It is becoming more apparent as space vehicles are developed for a variety of missions that a major limitation will be the availability of long life electric power sources. This dissertation discusses many of the problems associated with the development of such power sources and they are utilized in two different purposes. One is power for propulsion, and the other is electric power for devices which are used in communications packages, probes, navigation, weather surveillance, space, moon or planet stations, instrumentation, guidance and control, scientific observation packages, and devices for manned vehicles and an assortment of various servo-machinery powered by electricity. An immediate observation concedes that reliability of the power system should be at least as good as the various electrical devices to be operated. A power system which will operate for several years is a goal to be sought. In terms of specific requirements, the power system should be no better, or perhaps a bit better, than the electrical devices to be driven. Throughout this paper an attempt will be made to indicate he role of reliability in space power. The subject of reliability has been dealt with rather extensively in the field of electronics because a vast array of equipment depends on it. If power systems for space are developed with a reliability such that the systems can be operated for a year or two, one may find that the electronics in space vehicles are not quite as reliable. A the present time, solar cells coupled with nickel-cadmium batteries are the only power systems being currently used in U.S. space vehicles. Other types, however, are in development stages. Although there is experimental evidence to indicate that the solar cells with proper protection against radiation will have lifetimes (1 to 5 years), there is some pessimism regarding the reliability of sealed nickel-cadmium batteries. The thousands of cycles that this compact battery must be subject to and the normally slow but sure degradation that generally occurs at the electrodes and in the membranes has resulted in a present estimate of mean life to failure of four months where a low orbit vehicle is involved. However, if a space vehicle is in an orbit containing large amounts of high energy protons (2000 miles altitude), little can be done to protect the solar cell for long periods of time.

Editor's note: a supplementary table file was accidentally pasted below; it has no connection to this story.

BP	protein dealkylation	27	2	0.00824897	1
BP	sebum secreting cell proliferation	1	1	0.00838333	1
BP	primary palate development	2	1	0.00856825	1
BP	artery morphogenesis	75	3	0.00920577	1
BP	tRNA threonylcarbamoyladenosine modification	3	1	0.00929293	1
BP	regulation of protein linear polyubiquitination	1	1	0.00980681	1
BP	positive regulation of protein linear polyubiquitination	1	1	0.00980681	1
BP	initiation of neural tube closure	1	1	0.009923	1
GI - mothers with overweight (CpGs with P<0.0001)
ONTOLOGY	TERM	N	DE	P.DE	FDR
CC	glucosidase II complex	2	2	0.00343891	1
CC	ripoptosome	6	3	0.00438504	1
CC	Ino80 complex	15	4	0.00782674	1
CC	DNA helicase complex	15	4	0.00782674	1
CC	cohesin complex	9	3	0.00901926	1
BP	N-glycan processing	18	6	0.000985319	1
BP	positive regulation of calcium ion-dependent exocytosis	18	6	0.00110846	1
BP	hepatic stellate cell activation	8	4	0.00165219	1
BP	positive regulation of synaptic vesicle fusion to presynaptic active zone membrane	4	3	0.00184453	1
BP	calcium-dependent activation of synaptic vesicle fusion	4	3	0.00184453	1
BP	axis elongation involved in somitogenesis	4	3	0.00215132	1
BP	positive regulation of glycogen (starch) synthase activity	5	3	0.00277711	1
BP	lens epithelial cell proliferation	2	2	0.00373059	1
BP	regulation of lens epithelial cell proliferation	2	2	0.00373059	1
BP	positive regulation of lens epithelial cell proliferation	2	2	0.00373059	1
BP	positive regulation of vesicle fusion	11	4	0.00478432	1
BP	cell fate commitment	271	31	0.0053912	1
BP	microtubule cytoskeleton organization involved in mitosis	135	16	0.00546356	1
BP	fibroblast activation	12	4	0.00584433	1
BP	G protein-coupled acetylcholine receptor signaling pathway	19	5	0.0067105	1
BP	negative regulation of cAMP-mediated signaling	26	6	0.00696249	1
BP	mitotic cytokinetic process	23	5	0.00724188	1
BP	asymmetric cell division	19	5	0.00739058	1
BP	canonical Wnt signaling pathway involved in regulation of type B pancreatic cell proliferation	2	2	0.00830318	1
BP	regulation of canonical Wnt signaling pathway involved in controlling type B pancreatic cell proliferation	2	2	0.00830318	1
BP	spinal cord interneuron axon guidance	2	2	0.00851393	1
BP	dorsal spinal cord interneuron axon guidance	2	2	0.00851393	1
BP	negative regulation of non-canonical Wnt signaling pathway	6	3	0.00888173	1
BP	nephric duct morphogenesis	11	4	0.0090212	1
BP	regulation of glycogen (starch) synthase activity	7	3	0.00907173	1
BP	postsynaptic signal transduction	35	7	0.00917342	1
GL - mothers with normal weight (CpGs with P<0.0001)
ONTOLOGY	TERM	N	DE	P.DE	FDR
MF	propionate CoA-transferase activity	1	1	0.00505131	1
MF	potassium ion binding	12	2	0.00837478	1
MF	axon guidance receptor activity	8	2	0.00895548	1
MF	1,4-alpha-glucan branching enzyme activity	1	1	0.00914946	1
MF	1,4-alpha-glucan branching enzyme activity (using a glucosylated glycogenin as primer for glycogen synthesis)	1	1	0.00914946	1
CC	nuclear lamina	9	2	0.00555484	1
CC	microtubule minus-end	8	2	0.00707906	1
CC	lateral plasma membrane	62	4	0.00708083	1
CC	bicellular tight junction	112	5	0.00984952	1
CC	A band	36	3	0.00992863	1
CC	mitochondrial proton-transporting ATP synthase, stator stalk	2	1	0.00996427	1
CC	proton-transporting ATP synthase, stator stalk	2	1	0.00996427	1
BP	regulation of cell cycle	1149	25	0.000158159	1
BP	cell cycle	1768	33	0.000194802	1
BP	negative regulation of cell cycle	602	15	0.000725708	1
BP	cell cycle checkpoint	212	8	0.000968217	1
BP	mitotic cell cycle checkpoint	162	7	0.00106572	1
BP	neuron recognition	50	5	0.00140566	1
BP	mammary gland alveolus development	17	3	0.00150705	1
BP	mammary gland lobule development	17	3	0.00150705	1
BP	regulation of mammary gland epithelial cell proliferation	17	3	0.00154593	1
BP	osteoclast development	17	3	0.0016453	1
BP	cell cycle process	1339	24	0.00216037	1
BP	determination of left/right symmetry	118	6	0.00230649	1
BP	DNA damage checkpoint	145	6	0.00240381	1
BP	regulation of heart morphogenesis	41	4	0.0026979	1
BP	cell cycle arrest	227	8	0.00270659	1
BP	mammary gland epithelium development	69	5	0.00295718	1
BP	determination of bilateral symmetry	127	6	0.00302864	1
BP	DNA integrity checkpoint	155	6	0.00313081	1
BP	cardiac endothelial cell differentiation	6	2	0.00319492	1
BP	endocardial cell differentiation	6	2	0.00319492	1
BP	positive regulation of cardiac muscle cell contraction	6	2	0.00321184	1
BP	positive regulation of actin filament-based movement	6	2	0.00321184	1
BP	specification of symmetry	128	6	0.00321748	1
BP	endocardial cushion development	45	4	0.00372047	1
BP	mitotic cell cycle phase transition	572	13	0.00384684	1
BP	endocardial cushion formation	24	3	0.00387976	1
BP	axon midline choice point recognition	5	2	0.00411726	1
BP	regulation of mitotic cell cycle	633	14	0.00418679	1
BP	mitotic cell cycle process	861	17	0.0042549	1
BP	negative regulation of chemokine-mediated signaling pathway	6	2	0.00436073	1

Solar Cell Fuel Cell Power System Fuel Element Thermoelectric Material 
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Copyright information

© Springer-Verlag Wien 1961

Authors and Affiliations

  • Nathan W. Snyder
    • 1
  1. 1.Institute for Defense Analyses (RESG)Scientific Advisor to Advanced Research Projects AgencyUSA

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